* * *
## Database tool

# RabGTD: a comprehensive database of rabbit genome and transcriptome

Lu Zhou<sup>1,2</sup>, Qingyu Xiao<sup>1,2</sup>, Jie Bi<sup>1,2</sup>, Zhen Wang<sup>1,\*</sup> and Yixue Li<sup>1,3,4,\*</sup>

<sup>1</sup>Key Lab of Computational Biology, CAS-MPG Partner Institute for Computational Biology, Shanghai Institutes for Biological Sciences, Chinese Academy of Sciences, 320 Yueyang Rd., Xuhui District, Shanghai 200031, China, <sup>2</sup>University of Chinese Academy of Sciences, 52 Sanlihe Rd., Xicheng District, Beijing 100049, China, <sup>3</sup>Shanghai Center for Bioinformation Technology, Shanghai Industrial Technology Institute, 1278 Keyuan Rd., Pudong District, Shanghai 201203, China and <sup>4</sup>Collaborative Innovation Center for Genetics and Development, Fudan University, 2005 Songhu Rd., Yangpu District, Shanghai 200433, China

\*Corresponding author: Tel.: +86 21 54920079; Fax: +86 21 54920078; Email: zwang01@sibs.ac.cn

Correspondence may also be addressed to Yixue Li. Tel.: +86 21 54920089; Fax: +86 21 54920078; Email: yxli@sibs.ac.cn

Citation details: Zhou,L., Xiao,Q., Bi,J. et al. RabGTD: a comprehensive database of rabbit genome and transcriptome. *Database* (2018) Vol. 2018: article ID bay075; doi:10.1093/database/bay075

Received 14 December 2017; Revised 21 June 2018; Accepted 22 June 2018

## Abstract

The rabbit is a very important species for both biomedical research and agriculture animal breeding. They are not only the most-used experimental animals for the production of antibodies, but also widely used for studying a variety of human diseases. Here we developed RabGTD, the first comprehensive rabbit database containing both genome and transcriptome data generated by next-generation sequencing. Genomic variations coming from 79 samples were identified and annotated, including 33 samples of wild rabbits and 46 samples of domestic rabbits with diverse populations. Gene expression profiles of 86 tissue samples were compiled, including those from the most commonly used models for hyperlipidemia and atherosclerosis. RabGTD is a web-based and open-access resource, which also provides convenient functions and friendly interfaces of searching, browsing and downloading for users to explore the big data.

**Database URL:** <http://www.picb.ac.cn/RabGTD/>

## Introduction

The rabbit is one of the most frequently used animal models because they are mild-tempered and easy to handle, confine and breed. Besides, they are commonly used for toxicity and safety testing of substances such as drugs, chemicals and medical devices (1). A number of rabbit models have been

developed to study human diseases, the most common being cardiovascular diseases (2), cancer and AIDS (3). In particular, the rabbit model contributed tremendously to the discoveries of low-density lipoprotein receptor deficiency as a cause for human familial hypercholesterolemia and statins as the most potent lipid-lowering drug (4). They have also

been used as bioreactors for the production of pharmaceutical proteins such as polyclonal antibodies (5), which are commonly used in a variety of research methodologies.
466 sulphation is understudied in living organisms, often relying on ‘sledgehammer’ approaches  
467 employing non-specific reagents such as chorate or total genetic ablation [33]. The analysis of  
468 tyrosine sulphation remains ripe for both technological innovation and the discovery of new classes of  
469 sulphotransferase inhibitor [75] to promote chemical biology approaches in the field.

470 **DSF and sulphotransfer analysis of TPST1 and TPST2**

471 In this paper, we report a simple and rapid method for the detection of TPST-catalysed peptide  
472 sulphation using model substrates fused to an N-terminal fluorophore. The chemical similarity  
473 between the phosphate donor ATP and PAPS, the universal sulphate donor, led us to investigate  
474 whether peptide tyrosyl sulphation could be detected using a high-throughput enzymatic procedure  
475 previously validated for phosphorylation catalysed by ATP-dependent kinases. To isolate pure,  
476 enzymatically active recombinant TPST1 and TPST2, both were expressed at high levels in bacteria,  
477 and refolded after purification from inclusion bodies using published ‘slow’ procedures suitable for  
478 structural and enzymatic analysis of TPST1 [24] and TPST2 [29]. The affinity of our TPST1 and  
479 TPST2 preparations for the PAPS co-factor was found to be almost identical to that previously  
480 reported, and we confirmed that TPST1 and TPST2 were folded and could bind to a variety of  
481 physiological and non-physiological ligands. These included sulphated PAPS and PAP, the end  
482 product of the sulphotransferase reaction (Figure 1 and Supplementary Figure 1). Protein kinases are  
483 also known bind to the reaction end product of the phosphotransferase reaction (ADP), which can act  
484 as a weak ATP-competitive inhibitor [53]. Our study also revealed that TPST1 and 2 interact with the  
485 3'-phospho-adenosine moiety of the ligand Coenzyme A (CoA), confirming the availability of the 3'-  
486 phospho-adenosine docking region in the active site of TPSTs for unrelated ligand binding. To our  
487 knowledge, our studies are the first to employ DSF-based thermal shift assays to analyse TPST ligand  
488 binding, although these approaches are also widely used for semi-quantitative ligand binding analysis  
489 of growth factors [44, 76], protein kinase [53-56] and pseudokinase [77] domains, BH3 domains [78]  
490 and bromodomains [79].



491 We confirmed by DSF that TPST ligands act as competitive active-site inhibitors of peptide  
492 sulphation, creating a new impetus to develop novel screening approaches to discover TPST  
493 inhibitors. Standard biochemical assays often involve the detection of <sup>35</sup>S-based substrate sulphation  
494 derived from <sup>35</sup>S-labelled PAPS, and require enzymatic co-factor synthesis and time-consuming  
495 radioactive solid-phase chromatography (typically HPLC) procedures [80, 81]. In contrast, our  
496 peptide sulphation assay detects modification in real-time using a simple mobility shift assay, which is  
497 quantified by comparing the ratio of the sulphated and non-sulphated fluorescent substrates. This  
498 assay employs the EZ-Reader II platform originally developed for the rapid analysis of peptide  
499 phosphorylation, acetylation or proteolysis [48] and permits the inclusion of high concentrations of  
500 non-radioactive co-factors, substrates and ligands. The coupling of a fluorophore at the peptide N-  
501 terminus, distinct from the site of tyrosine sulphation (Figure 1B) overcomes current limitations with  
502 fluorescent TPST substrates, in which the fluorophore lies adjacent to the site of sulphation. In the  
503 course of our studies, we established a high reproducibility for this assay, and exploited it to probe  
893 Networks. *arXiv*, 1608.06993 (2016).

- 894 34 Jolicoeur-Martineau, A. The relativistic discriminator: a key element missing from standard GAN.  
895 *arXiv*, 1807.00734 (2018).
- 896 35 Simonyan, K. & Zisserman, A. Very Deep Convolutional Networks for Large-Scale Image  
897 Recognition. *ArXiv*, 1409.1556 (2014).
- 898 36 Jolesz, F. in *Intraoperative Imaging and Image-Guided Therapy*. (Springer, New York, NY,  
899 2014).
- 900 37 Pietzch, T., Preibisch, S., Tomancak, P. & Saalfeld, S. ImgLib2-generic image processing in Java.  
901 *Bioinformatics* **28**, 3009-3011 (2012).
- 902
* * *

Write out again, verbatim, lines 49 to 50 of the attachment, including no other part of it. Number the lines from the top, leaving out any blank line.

499 phosphorylation, acetylation or proteolysis [48] and permits the inclusion of high concentrations of  
500 non-radioactive co-factors, substrates and ligands. The coupling of a fluorophore at the peptide N-  